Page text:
Yes, oil prices have crashed to a crazy low unseen since 2009. But unlike 2009, when it was affected by the financial crisis, this time around it’s a result of oversupply due to major disagreements among oil-producing countries. In other words, it’s a human problem, not an oil problem. As soon as these disagreements are resolved, we can expect oil prices to stabilise, and then rise.
In fact, while it may be too early to say if it’s conclusive evidence of the end of low oil prices, they have been steadily rising since the year began. As a result, we could well be seeing the end of low petrol prices. The last thing you want is to buy a car, only to find that your petrol costs are increasing. Electric cars, anyone?
And no, even the best petrol credit card won’t help you. Much.
3. Taking a large car loan could impact your TDSR significantly
While car loan restrictions have been lifted, that doesn’t mean that other restrictions, meant to ensure that Singaporeans don’t take on too many financial liabilities, are going to be lifted. The Total Debt Servicing Ratio, or TDSR, for example, is still in place.
The TDSR ensures that your home loan, and by extension, the maximum cost of your property purchase, is limited by your outstanding debt. Currently, your outstanding debt repayments cannot exceed 60% of your monthly income. That definition of outstanding debt includes your credit card minimum payment and your personal loan payment. And yes, it includes car loan payments as well.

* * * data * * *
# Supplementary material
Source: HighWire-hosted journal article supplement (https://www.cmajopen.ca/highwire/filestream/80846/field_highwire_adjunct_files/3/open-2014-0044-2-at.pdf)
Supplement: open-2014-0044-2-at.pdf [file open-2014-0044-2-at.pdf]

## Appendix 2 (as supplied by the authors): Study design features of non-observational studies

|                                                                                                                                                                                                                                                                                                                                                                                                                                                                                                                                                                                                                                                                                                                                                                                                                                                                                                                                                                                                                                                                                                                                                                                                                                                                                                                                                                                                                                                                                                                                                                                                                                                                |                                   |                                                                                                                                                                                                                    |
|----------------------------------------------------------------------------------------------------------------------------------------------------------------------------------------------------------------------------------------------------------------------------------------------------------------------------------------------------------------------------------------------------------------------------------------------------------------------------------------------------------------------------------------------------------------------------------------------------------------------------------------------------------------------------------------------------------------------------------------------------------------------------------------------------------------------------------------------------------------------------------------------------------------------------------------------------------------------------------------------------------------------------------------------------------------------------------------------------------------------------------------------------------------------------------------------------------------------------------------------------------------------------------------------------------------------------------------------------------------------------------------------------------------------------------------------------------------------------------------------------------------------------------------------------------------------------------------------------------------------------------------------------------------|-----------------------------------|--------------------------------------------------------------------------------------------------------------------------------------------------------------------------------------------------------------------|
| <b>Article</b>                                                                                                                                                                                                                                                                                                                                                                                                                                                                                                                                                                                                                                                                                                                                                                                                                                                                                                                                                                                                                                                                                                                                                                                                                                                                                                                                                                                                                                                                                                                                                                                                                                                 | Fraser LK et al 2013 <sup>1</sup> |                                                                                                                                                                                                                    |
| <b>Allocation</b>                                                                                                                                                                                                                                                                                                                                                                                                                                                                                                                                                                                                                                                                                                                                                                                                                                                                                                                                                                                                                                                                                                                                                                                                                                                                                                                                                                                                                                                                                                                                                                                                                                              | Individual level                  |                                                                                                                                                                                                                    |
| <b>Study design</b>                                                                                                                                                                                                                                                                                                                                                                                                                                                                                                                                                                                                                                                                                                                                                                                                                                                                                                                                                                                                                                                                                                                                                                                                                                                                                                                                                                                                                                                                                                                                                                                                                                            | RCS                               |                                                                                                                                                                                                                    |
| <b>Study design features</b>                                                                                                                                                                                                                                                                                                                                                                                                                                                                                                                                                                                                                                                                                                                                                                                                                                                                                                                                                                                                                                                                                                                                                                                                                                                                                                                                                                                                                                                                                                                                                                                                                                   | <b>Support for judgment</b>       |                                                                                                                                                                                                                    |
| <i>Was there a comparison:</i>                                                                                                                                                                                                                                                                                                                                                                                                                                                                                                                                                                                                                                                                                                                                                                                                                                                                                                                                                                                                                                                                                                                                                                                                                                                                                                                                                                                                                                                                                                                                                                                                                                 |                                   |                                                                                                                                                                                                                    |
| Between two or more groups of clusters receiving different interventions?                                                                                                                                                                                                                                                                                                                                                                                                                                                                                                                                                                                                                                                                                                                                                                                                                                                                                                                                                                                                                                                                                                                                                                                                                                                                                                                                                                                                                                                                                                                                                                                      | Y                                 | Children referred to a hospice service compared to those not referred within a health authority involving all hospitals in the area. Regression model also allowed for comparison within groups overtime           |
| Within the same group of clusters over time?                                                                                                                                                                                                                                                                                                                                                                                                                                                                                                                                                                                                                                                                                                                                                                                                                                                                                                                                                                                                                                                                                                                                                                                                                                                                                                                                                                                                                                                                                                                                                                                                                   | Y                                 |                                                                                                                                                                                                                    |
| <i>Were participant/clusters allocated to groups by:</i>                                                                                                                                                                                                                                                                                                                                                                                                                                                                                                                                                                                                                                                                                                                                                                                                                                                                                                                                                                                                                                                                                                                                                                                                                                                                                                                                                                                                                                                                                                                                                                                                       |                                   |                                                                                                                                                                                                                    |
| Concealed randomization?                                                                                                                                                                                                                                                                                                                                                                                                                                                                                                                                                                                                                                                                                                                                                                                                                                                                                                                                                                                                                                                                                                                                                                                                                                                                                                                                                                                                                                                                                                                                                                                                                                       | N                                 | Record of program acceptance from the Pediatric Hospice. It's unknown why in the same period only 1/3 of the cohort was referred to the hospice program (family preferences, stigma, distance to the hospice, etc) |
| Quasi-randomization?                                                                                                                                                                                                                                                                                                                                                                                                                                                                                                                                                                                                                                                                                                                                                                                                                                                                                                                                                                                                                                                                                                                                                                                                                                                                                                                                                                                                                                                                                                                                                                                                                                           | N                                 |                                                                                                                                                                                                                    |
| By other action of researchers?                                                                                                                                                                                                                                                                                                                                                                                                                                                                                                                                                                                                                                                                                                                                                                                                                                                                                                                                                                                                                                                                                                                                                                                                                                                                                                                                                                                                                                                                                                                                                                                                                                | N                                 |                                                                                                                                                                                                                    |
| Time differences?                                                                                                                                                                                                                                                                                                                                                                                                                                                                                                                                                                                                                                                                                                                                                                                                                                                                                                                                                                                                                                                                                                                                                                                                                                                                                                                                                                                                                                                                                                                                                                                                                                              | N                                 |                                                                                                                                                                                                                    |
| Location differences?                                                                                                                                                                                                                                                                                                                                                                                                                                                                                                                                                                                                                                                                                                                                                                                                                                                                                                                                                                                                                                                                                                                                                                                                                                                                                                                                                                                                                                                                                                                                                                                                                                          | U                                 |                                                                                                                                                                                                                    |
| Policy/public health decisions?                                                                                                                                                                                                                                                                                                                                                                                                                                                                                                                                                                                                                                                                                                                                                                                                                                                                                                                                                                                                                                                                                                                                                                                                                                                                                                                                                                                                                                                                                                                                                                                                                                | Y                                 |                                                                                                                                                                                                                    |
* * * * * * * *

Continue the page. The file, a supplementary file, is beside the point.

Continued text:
That means, if you only earn $5,000 a month, your total debt cannot exceed $3,000 each month. Assuming you have no other debts, if you take a car loan that costs you $1,000 each month, you only can set aside $2,000 for your housing purchase. That’s really not much.
But wait, doesn’t increasing the maximum car loan tenure from 5 years to 7 years mean that you can reduce your monthly repayment?
Yes, that’s absolutely right, but increasing your car loan tenure also means you’re going to pay more interest overall. Let’s look at an illustration. Say you take a $60,000 car loan over 5 years at an interest rate of 2.5% per year. Your monthly instalment is $1,125, and you end up paying $7,500 in total interest. Now, over 7 years at the same interest rate, your monthly instalment is $839, but you end up paying $10,500 altogether in interest alone.
So ask yourself, is reducing your car loan monthly repayment by about $300 a month really worth paying $3,000 more at the end of the loan?
So is it worthwhile to get a car now that the car loan restrictions have been lifted?
Yes, but only if you were planning to buy one even before the announcement. That’s because you would already have been financially prepared for a higher downpayment, and a higher monthly repayment. Now that the restrictions have been lifted, it just means you have more breathing room and you won’t need to tighten your belt too much. Plus, wait too long and the COE might end up increase significantly due to the higher demand.
If you couldn’t afford a car before the restrictions were lifted, on the other hand, you definitely shouldn’t get one even if you can now afford it. Those restrictions were there for a reason, and it was to ensure that Singaporeans didn’t take out a loan they would have difficulty repaying. As we pointed out above, it may not be worth reducing your monthly repayment if it means eventually paying more in the long run.
Are you planning to buy a car now that the loan restrictions have been lifted? Share your thoughts with us.